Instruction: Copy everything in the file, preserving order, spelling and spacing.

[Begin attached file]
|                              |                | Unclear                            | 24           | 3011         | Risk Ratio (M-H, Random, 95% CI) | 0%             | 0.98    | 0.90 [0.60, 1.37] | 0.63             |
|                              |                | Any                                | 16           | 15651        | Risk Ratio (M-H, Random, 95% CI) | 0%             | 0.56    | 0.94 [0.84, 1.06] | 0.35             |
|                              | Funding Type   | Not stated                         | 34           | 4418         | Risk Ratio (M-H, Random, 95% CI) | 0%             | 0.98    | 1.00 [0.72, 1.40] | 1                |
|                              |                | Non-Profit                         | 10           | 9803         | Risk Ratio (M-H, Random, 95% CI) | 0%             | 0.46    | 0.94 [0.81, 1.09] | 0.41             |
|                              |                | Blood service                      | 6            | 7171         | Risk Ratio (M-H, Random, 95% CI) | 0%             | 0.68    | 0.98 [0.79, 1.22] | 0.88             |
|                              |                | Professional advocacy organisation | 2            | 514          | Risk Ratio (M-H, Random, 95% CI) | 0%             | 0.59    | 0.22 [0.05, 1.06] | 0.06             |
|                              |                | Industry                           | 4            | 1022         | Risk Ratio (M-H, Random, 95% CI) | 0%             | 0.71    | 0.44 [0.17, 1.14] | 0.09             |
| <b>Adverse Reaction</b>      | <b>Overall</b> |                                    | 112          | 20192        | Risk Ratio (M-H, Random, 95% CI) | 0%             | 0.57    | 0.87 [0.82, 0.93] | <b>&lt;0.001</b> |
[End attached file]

|                              |                | Unclear                            | 24           | 3011         | Risk Ratio (M-H, Random, 95% CI) | 0%             | 0.98    | 0.90 [0.60, 1.37] | 0.63             |
|                              |                | Any                                | 16           | 15651        | Risk Ratio (M-H, Random, 95% CI) | 0%             | 0.56    | 0.94 [0.84, 1.06] | 0.35             |
|                              | Funding Type   | Not stated                         | 34           | 4418         | Risk Ratio (M-H, Random, 95% CI) | 0%             | 0.98    | 1.00 [0.72, 1.40] | 1                |
|                              |                | Non-Profit                         | 10           | 9803         | Risk Ratio (M-H, Random, 95% CI) | 0%             | 0.46    | 0.94 [0.81, 1.09] | 0.41             |
|                              |                | Blood service                      | 6            | 7171         | Risk Ratio (M-H, Random, 95% CI) | 0%             | 0.68    | 0.98 [0.79, 1.22] | 0.88             |
|                              |                | Professional advocacy organisation | 2            | 514          | Risk Ratio (M-H, Random, 95% CI) | 0%             | 0.59    | 0.22 [0.05, 1.06] | 0.06             |
|                              |                | Industry                           | 4            | 1022         | Risk Ratio (M-H, Random, 95% CI) | 0%             | 0.71    | 0.44 [0.17, 1.14] | 0.09             |
| <b>Adverse Reaction</b>      | <b>Overall</b> |                                    | 112          | 20192        | Risk Ratio (M-H, Random, 95% CI) | 0%             | 0.57    | 0.87 [0.82, 0.93] | <b>&lt;0.001</b> |